Justice and Belonging: Stories and Music
When I started writing A Riff of Love, an idea that was encouraged from day one by my friend Anthony Smith, I knew two things: for one, I would tell my story of how living in Enderly Park has changed me; and for two, that the Black American music that has formed me since I first encountered it as a child would play a large role in helping to tell the stories that comprised the book.
The central idea of the book has remained the same since day one: I live among master improvisers. Lots of ideas have come and gone since then. Many got included. Lots more got discarded along the way. But that one conviction has become a key idea for me. My story, as a neighbor, a Christian, and a musician, is that I have always been learning from master improvisers.
Improvisation, as one might typically think of it, is "making things up." But this is not quite the right definition. Improvisation is a creative discipline - a practice - of exercising creativity amidst tight restrictions. You might think of this in the kitchen: when an ingredient is missing, you improvise. You don't just throw anything in. You use your best judgment about what would work, based on experience, curiosity, and what is available. Sometimes the results are less than stunning. But other times, the result is better than what you thought you wanted to begin with.
My spouse Helms taught me that artists call the conditions that make improvisation necessary "enabling constraints." Limits are what make creativity possible.
As a student learning to improvise, my instructor would sometimes force me to use only one hand while playing the saxophone, an instrument that requires two hands. With those constraints - which are pretty severe - the goal was for me to expand the creative reservoirs from which I was working by placing restraints on my ability to access the fullness of the instrument. You would not have wanted to hear the results, but the exercise was important as a practice.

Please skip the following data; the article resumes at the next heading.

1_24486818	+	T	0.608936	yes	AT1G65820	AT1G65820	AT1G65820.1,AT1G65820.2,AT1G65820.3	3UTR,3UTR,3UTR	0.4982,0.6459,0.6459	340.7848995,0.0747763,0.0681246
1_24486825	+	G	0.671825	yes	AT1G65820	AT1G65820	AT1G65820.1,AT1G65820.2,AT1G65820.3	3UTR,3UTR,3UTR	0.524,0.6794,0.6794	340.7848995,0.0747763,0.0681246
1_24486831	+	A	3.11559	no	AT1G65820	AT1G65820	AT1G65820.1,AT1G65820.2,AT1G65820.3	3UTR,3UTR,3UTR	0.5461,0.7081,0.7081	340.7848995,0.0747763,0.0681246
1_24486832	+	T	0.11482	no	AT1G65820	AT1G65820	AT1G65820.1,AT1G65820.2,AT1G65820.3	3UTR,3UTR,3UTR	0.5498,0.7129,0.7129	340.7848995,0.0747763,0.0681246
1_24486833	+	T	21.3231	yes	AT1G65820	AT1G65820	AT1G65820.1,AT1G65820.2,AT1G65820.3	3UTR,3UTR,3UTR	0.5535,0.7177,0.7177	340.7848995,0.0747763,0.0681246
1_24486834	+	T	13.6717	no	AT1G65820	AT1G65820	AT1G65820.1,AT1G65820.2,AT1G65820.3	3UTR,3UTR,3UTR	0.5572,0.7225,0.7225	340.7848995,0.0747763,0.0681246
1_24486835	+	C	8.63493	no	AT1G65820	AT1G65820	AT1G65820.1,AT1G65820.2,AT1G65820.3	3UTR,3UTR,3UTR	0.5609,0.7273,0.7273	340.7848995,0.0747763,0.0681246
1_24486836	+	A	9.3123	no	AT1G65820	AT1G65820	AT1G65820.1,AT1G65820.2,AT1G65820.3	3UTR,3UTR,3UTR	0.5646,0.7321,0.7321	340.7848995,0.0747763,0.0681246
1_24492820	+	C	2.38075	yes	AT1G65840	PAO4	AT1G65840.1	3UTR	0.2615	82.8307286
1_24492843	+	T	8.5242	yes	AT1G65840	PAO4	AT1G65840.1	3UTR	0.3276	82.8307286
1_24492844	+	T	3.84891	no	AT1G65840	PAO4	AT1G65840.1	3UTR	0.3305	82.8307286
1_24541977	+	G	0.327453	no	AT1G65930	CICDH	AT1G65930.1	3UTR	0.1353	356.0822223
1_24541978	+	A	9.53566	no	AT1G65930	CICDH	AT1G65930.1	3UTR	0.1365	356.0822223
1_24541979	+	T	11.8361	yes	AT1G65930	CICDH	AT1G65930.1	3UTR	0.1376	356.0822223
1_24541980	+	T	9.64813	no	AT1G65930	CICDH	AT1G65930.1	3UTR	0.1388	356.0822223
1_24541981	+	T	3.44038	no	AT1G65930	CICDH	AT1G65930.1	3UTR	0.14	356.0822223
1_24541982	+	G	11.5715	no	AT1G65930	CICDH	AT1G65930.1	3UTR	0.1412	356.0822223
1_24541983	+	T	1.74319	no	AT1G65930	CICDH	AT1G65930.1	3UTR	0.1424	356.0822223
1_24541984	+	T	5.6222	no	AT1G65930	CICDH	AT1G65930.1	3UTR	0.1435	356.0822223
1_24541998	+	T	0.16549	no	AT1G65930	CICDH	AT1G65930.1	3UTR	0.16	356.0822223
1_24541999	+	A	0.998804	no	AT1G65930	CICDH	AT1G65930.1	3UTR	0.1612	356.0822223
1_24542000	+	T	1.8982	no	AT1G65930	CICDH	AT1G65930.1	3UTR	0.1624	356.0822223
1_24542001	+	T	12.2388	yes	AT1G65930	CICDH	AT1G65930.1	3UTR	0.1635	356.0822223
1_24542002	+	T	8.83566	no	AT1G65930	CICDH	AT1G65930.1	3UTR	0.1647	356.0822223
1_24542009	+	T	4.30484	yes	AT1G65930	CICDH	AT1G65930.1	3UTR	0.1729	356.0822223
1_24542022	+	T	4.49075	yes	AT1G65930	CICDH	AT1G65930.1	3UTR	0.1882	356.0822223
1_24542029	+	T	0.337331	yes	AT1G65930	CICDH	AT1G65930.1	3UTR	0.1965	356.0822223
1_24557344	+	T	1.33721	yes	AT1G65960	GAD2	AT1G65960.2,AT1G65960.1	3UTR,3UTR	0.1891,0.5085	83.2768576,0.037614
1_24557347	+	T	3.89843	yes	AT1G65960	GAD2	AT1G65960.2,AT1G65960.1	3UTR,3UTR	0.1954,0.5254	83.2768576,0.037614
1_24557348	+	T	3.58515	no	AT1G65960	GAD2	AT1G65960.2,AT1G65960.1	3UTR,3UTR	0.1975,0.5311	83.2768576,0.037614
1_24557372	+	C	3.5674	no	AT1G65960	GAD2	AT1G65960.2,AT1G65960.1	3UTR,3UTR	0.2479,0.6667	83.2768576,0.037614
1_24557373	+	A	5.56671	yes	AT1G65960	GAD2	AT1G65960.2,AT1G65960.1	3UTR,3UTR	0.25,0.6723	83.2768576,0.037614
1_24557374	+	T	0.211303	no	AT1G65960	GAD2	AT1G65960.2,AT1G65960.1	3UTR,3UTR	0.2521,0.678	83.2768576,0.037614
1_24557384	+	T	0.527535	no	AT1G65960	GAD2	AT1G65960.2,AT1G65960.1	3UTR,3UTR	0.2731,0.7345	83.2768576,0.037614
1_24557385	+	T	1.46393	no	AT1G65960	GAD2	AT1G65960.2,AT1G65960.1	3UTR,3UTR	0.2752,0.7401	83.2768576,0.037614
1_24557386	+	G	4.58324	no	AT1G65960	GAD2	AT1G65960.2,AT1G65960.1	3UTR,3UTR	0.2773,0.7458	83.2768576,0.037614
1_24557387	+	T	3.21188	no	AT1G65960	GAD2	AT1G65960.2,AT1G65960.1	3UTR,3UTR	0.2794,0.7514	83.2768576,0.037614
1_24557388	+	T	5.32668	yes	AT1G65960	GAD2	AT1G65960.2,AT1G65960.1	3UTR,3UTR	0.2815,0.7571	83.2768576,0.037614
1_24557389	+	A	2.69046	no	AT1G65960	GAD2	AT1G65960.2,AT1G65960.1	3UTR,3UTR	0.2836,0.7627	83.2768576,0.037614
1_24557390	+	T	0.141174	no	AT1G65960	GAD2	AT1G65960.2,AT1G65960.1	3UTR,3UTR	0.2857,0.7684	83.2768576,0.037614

In art, you have "enabling constraints," which are helpful. But in the real world, you have oppression, which is in no way helpful. People's lives are not an exercise for the purpose of learning. Families should not be in the position of just barely getting by because of poverty and white supremacy and the crush of the domination system.
But that is in fact what humans do. We oppress others, and we suffer oppression. In Enderly Park, every person who walks down the street has a thousand stories of the way such cruelty has been visited upon them.
But humans also respond to the cruelty of domination systems with creativity. They create poetry and resistance and delicious food and art and love, even in the starkest of conditions.
As a writer beginning the work that became this book, I knew that I had been welcomed into two traditions that exemplify such creativity. For one, I had been welcomed into the life of the streets and the porches of Enderly Park. And, I had been welcomed into the tradition of improvisation in Black American music, especially in that branch of it sometimes called "jazz." I knew that I wanted to show how being welcomed into those two related ways of life had "turned me around" - given me new ways to think, new songs to sing, and new kin to love.
You might call this attempt at writing something like an "integrative spirituality." That is, I was trying to take the influences that had deeply formed me and to make them plain. Why was this important? How do they inform one another? What am I learning? What am I unlearning?
Among the wild dreams that has come true along the way, from starting the book 4 years ago, to seeing it published last October, is the opportunity to actually present the work with live music. Here's an invitation: join me, with some of the finest musicians in Charlotte, on May 9 for a night featuring music and stories from A Riff of Love. We will play, and talk, and sing, and we will pray that the God of us all will keep turning us around in the process. Come on out and sing with us.
**A Riff of Love: Jazz and Stories of Justice and Belonging will be presented on Thursday, May 9 at 7:00pm. Holy Comforter Episcopal Church, 2701 Park Rd.
Interested in bringing the presentation to your town or congregation (or Rotary Club or nursing home or PTA)? Contact me through this website.